11 If you answered No to any of these assessment questions, a further review of your plan could be valuable. Who Needs a Disaster Recover Plan? It is estimated that companies spend up to 25% of their budgets on disaster recovery planning. For companies that had a major loss of computerized records, 43% never reopen, 51% close within two years, and only 6% will survive long-term iv. In today s time sensitive and data dependent economy, every company should have a documented and tested disaster recovery solution. Your organization needs uninterrupted access to business critical data and the systems that support your business processes. A recap for planning your JD Edwards recovery should include these steps: 1. Assess your recovery needs by determining the business impact of an interruption to your automated solutions. 2. Prioritize your critical business processes and the solutions that are required to maintain your operations. 3. Create a capabilities assessment that includes the costs of your disaster recovery solution. Include the costs for providing a solution to all critical business processes. 4. Align your business process owners needs with the capabilities assessment to generate a gap analysis for your organization. 5. Create a plan that defines the architecture, timelines, staffing, and location of the recovery solution. 6. Execute this plan in a test environment measuring your ability to meet the business objectives. 7. Grade your ability to meet the planned solution listing gaps and weaknesses. 8. Repeat the assessment cycle. In today s data dependent work environment, it should be clear that all companies need a disaster recovery plan. Disaster Recovery Solutions from WTS WTS is uniquely qualified to provide you with disaster recovery planning and recovery solutions for your JD Edwards software and complementary products. Our recovery services and experienced information technology teams can supplement your staff by providing the creation of a disaster recovery plan, access to state of the art data centers, off-site data storage and retrieval processes, plus access to our skilled JD Edwards staff who will perform the recovery for your organization. Regional disasters have shown us that it can be difficult for personnel to commit to executing your disaster recovery plan during a time of crisis. A decision of family over business is an extremely difficult one to make and one many employers would rather not ask their employees to make. A WTS solution makes available our disaster recovery expertise to perform a recovery without having your personnel travel to the recovery site. This not only saves travel expense but it ensures the recovery process is started on time by some of the best resources in the industry. WTS Disaster Recovery Planning Guide Page 11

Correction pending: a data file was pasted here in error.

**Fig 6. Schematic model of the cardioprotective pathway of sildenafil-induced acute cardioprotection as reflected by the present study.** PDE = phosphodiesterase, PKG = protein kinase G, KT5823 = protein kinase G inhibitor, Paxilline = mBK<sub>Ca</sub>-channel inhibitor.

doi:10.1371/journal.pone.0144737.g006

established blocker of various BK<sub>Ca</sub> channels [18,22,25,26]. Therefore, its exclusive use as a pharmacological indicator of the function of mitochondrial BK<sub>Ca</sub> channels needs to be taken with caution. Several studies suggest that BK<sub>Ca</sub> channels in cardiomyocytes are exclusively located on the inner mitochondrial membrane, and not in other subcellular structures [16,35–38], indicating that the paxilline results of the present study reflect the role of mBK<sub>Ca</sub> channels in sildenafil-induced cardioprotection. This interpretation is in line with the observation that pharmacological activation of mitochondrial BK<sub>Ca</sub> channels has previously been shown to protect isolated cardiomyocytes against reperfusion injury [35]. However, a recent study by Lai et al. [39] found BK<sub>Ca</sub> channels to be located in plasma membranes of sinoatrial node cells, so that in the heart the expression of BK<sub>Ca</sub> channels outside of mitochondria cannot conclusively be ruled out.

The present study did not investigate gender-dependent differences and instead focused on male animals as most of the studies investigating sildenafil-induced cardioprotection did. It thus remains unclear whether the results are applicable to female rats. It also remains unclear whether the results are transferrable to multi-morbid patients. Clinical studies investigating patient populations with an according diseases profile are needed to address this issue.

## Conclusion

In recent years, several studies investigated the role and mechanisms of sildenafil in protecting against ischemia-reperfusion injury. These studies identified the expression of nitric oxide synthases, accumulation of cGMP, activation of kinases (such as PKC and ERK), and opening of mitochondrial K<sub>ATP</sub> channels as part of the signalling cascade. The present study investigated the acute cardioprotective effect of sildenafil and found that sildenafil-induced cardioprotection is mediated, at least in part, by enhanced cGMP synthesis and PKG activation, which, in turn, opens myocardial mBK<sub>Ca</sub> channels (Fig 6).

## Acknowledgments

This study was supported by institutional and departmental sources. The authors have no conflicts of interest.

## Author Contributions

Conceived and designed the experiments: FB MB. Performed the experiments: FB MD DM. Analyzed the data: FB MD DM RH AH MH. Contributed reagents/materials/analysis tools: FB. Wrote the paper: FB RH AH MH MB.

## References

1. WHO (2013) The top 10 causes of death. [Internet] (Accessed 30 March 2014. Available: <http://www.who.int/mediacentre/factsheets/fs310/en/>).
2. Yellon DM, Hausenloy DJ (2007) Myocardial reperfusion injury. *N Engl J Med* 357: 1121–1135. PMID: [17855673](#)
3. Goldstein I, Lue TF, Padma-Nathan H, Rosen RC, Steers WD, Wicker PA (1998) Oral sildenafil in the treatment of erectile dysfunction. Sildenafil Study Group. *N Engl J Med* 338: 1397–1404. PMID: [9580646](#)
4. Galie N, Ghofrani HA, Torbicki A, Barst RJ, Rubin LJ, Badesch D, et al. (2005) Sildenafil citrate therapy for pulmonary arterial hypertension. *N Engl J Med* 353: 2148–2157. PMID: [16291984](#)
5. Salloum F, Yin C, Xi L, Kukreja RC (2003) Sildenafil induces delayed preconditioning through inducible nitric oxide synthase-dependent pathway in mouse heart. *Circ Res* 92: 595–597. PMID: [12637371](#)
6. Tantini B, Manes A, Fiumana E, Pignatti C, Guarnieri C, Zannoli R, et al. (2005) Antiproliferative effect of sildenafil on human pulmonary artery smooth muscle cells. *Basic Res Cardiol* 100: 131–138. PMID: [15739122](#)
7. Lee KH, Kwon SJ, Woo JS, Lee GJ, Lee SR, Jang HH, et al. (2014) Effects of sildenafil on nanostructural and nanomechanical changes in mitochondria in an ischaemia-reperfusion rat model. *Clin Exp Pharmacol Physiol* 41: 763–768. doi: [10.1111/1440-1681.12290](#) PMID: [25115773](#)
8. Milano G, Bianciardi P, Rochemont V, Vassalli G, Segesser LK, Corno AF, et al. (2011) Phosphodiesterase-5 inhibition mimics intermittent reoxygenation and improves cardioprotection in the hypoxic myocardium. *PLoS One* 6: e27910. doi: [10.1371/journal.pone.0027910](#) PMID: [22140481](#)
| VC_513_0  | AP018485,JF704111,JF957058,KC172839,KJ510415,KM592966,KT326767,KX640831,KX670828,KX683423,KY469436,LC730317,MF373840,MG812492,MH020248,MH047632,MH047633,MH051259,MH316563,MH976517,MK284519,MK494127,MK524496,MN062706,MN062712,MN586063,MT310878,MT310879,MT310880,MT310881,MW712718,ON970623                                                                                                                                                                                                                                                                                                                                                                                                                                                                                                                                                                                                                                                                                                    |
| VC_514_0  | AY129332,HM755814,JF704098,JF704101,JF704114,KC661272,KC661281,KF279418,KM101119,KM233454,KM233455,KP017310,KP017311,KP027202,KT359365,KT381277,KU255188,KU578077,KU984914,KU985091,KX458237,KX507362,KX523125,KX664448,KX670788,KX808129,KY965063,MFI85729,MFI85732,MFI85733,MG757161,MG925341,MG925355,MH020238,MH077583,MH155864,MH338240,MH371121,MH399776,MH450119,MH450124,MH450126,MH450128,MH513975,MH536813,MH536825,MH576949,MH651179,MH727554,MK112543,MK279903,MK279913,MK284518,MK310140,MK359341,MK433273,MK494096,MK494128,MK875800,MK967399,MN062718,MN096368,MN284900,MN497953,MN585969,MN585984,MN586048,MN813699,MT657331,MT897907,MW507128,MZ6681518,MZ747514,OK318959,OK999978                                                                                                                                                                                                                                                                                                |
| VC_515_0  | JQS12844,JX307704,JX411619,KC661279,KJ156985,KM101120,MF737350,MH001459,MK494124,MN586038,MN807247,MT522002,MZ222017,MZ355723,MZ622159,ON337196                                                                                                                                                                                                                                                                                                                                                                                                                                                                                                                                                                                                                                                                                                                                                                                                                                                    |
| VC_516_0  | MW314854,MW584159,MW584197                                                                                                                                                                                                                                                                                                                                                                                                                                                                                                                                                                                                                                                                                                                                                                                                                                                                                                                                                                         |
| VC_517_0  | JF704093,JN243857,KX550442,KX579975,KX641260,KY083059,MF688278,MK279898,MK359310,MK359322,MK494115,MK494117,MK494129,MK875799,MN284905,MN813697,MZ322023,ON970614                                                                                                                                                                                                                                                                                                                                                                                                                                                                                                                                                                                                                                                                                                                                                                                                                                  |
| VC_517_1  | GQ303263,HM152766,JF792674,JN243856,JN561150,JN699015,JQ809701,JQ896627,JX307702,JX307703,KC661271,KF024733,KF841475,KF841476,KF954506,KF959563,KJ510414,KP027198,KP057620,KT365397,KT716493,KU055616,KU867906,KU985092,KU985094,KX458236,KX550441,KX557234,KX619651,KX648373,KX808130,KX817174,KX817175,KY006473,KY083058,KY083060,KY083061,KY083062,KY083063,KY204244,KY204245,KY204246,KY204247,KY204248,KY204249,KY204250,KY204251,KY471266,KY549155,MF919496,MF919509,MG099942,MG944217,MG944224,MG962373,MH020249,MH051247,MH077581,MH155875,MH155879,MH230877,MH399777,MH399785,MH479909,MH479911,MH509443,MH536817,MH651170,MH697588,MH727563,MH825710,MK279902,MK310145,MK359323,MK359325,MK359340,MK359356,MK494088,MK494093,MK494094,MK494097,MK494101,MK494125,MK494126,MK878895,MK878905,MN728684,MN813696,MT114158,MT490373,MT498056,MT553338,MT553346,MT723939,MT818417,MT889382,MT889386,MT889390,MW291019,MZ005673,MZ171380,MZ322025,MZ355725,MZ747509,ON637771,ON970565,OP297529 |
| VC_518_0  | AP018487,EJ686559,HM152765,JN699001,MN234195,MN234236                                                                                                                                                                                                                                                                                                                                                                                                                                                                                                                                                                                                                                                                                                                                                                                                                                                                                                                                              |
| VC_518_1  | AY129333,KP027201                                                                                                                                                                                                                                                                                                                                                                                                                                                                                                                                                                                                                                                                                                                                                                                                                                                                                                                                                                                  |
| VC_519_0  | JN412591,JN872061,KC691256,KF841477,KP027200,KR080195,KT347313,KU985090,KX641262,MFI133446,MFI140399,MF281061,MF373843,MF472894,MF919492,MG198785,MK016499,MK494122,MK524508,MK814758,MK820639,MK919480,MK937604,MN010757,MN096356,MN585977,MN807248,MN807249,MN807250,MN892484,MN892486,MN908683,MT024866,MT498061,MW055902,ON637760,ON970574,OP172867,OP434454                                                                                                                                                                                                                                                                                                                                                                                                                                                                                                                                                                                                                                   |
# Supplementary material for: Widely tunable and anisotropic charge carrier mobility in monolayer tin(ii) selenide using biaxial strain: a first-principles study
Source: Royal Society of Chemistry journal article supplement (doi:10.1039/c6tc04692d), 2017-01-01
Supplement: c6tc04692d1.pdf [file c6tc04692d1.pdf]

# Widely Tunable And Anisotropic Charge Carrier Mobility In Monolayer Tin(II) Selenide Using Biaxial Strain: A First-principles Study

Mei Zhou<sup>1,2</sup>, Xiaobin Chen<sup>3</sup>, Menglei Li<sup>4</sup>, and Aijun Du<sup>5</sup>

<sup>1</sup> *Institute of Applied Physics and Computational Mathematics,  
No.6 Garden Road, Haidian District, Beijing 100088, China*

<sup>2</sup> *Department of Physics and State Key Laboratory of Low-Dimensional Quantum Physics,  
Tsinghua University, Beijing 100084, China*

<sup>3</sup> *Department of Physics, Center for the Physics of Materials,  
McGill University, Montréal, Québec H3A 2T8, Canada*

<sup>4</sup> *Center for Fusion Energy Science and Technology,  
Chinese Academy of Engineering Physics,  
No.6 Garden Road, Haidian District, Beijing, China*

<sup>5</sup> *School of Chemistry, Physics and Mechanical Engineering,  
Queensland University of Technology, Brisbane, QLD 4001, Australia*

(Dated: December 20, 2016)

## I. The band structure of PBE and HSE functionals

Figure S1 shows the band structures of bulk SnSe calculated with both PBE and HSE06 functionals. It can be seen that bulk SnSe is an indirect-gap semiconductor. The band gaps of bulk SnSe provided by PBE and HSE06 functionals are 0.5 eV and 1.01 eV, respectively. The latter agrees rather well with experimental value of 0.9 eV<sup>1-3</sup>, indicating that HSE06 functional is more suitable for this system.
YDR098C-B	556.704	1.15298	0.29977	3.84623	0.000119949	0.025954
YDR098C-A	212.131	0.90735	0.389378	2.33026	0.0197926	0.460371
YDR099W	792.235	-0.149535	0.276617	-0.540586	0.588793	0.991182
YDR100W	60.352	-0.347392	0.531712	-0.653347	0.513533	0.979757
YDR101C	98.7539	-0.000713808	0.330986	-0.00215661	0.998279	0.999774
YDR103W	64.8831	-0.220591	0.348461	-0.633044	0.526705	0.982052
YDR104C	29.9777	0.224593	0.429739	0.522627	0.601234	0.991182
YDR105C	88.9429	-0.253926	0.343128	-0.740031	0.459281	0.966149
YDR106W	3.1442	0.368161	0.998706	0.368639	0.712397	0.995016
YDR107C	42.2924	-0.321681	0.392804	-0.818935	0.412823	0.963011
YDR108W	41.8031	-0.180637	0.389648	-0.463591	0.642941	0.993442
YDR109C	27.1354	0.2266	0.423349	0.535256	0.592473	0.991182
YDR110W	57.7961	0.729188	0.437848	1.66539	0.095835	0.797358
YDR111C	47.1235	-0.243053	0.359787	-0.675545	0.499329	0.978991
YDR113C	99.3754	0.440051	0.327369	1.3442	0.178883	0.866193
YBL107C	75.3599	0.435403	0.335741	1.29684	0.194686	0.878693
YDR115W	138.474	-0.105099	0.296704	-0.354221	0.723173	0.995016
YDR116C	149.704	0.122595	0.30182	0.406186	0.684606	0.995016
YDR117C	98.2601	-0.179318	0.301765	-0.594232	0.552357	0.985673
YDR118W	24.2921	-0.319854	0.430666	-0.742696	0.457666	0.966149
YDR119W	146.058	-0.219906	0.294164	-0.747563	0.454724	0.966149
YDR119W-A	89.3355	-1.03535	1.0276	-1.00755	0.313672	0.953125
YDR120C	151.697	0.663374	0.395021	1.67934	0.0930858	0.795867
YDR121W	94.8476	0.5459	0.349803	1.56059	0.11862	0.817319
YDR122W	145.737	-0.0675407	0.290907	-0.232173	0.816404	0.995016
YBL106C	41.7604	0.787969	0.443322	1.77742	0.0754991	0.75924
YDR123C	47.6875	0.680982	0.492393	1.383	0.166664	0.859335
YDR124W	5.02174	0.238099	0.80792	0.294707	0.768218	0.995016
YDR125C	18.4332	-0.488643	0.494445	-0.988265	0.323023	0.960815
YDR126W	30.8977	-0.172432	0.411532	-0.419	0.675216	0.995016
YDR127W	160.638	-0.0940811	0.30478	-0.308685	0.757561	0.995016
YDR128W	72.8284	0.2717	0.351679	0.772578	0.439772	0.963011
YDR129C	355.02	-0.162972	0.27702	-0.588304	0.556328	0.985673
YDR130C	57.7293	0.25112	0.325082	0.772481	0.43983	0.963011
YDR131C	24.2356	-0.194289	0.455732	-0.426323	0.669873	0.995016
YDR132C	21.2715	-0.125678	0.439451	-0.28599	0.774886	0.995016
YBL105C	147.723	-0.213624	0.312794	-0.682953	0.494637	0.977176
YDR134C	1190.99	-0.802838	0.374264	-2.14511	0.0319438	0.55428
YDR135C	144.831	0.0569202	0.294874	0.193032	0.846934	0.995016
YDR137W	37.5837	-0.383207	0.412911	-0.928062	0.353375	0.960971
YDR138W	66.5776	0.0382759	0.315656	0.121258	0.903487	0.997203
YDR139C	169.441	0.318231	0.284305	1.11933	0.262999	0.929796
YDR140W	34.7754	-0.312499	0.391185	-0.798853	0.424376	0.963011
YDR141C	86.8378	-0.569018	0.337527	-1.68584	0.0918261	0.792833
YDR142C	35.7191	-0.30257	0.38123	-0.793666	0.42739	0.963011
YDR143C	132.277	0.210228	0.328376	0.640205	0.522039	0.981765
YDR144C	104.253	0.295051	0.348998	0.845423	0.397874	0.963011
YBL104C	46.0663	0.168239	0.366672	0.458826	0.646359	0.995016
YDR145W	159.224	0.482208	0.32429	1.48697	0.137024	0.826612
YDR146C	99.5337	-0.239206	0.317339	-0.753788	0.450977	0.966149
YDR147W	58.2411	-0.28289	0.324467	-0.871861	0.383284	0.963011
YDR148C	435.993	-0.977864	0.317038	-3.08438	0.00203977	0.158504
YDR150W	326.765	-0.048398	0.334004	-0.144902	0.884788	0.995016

12 Whether this is your first step in creating a comprehensive disaster recovery solution or if you recognize the need to improve upon your existing plan, gives us a call at and learn more about the benefits of disaster recovery and business continuity solutions with WTS. About WTS WTS, Inc. provides a wide range of services for JD Edwards EnterpriseOne and JD Edwards World customers including Hosting, Disaster Recovery, Remote Applications Management and complementary product support. Our customers benefit from an industry-proven solution that increases efficiency, enables business and technology change, and reduces IT risk. Oracle holds a significant equity interest in WTS. Founded in 1997, WTS is a privately held corporation with headquarters in Seattle, Washington. Additional information about WTS is available at i J D Edwards is a registered trademark of Oracle Corporation and/or its affiliates ii Gartner, Disaster Recovery Plans and Systems Are Essential, by Roberta Witty, Donna Scott, September 12, 2001 iii FEMA Archives, 2006 Declared Disasters, iv Wikipedia, Disaster Recovery WTS Disaster Recovery Planning Guide Page 12